• Private Bartlett William Heath (Berkshire Regiment) is killed at age 27. His brother was killed in November 1914.

Monday 1 November 1914 – We Lost 2,447

HMS Good Hope 1914

HMS Good Hope 1914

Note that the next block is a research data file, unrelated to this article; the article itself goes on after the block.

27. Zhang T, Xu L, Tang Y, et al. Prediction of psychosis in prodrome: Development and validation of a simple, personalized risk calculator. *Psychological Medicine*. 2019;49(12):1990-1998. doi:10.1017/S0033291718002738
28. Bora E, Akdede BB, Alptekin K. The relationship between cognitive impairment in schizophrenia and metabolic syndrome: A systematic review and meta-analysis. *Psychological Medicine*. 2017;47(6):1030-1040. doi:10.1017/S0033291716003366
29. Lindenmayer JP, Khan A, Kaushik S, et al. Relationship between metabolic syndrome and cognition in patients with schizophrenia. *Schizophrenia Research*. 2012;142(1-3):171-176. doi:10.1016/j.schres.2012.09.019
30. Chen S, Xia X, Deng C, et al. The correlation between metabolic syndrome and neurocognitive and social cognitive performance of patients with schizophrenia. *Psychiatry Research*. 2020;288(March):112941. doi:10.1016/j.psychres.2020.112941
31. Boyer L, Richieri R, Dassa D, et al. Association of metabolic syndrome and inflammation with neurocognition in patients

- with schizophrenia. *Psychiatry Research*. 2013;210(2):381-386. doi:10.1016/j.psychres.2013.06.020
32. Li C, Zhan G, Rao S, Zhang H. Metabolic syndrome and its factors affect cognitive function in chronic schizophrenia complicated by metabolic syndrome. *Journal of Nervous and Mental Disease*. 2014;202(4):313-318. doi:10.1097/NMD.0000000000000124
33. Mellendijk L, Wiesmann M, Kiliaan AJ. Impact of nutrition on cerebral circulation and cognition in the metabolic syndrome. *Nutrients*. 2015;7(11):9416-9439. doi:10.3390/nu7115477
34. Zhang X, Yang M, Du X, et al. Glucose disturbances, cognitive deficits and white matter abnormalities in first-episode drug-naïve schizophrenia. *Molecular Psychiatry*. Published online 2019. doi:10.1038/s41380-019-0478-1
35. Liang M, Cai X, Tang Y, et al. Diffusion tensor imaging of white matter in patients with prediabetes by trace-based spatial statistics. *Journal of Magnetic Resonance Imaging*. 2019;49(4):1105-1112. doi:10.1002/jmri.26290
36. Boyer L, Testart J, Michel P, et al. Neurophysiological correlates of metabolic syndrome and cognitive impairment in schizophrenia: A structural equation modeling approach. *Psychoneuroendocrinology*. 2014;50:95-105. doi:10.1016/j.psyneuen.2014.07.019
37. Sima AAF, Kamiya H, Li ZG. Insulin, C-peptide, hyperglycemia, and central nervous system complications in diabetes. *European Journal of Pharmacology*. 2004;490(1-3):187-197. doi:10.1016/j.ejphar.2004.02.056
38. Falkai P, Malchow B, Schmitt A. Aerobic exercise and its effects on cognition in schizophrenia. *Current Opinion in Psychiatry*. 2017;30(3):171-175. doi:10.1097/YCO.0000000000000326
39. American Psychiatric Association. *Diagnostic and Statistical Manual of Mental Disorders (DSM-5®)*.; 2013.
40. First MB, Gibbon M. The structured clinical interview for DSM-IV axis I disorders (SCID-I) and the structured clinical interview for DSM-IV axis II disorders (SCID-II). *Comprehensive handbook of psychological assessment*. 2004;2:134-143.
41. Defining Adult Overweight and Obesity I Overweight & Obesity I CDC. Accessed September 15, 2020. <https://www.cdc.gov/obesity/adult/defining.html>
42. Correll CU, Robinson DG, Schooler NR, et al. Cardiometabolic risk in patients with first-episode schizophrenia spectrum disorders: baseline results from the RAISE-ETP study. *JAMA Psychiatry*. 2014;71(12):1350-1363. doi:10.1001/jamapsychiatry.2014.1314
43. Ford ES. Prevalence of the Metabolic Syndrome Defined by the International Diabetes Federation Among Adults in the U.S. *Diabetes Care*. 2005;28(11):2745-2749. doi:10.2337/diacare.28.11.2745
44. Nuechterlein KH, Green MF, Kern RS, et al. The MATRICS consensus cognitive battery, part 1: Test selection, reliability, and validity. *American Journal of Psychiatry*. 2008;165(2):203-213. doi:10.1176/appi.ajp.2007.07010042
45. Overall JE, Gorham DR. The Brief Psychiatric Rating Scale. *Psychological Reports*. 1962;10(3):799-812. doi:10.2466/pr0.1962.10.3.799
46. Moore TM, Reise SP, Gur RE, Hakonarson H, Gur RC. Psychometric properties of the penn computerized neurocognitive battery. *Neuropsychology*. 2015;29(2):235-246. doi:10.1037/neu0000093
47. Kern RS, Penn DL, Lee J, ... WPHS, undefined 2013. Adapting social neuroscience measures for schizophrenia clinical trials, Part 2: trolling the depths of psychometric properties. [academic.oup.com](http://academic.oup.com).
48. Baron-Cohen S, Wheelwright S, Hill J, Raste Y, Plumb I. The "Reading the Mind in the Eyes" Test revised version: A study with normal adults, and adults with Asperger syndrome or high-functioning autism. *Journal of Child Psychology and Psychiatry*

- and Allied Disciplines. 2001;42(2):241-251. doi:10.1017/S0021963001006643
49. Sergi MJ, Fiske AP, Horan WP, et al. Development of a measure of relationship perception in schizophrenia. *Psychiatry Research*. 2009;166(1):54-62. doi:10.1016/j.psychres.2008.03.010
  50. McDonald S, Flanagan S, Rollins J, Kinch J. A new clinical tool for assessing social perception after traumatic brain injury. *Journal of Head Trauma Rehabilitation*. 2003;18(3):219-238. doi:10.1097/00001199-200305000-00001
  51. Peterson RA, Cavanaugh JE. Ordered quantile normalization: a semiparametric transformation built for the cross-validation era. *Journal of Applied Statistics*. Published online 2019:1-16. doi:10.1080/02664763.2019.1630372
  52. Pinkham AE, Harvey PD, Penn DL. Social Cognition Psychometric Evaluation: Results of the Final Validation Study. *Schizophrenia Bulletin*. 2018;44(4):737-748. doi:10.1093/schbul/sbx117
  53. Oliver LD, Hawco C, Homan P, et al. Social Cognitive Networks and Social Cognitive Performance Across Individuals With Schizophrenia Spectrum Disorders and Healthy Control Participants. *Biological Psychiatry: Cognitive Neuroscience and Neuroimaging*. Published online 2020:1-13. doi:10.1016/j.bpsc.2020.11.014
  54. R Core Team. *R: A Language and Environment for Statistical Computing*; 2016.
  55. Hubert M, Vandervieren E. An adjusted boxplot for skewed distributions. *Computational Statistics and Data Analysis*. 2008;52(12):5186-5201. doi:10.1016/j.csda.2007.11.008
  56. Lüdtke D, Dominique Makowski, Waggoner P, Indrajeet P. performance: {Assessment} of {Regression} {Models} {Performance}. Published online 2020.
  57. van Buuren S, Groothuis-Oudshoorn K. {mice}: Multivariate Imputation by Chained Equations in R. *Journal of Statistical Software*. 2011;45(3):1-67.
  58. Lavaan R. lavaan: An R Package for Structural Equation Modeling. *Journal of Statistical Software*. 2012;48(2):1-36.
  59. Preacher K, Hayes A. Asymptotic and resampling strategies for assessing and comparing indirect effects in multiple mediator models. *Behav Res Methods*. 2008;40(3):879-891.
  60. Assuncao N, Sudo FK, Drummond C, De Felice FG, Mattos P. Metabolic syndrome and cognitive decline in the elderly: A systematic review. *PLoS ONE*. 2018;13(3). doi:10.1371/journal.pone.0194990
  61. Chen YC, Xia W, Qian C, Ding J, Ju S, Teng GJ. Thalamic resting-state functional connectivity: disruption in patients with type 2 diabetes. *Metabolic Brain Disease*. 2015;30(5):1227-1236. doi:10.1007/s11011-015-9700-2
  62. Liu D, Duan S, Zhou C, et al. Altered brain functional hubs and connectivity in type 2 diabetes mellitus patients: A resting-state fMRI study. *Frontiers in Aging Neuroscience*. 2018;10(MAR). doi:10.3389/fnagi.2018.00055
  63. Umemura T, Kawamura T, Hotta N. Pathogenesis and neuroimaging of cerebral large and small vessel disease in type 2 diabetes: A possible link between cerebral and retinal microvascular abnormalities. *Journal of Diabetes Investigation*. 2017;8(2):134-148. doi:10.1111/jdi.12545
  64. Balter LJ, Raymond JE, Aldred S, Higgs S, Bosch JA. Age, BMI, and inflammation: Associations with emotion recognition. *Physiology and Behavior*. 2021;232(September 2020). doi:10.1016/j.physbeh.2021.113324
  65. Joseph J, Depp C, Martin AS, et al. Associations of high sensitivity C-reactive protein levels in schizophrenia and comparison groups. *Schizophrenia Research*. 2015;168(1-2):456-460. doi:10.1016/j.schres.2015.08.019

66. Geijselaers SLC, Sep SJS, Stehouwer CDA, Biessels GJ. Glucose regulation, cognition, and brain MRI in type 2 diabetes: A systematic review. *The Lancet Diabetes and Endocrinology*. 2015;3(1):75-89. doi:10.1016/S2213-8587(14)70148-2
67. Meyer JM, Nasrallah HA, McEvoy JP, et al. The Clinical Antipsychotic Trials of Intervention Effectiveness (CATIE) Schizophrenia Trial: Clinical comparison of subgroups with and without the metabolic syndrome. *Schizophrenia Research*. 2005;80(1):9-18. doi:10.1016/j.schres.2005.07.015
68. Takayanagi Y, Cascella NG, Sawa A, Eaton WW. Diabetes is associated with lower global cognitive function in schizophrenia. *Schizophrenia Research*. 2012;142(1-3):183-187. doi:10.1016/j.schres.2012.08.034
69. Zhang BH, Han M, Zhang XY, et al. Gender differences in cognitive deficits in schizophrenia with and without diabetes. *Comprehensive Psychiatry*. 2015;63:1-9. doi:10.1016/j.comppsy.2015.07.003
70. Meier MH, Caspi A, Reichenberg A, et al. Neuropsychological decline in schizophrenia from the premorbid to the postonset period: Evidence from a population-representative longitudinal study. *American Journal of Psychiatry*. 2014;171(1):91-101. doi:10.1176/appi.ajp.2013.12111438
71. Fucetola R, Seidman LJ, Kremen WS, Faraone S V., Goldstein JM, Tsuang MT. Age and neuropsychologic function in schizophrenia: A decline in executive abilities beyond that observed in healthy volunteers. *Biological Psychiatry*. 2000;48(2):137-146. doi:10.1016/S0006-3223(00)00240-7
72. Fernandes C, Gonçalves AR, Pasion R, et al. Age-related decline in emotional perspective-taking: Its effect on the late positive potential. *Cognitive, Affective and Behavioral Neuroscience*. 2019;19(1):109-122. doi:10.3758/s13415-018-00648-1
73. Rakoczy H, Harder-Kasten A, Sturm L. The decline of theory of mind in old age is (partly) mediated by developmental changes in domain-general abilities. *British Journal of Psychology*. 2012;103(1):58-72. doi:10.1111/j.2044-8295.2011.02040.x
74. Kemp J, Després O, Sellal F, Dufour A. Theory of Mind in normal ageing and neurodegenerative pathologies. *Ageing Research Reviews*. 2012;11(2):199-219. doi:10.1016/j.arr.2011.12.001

Shortly after noon Cradock’s squadron is whole again, HMS Glasgow having rejoined.  The admiral signals for his ships to spread out at 25-mile intervals and sweep north to look for the enemy. Graf von Spee hopes to cut off HMS Glasgow before she can rejoin Cradock, realizing she will have to leave Coronel because of the 24-hour rule. Cradock’s ships hear a great deal of wireless traffic between German supply ships and SMS Leipzig as Graf von Spee has been using Leipzig to transmit and receive all wireless messages between his squadron and its supply ships so as not to give away the presence of the other cruisers. This works as Cradock heads north to trap the Leipzig before she can rejoin Graf von Spee. This action leads to the dramatic situation this afternoon when each admiral believes he is taking his full squadron to cut off a single enemy light cruiser. In reality the two formations are steaming towards each other at a combined speed of almost forty knots. The admirals, friends since their days on the China Station during the Boxer rebellion, are about to meet again. By late afternoon Cradock’s squadron is still fanning out and moving in a northerly direction. They are about thirty miles from Arauco Bay, where the port of Coronel is situated. The flagship is the outermost ship, close to forty miles from HMS Glasgow.  At 16:30 the light cruiser’s lookouts sight smoke on the eastern horizon. Captain Luce gives orders to turn to starboard and increase speed.  A few minutes later HMS Monmouth and HMS Good Hope turn east in support of HMS Glasgow. Very soon the lookouts are able to recognize the hull and upper works of SMS Leipzig.  As HMS Glasgow gets closer the lookouts see more patches of smoke on the horizon. These are soon identified as coming from four funneled cruisers, and HMS Glasgow turns back and signals, ‘Enemy armored cruisers in sight’.  The Glasgow’s wireless operators can hear the high pitched scream in their earphones coming from German Telefunken sets trying to jam their transmissions.  They are not certain whether the flagship has received their signal. All three British ships head at full speed toward HMS Good Hope to warn Cradock that instead of trapping a single light cruiser, he is running into Graf von Spee’s entire squadron.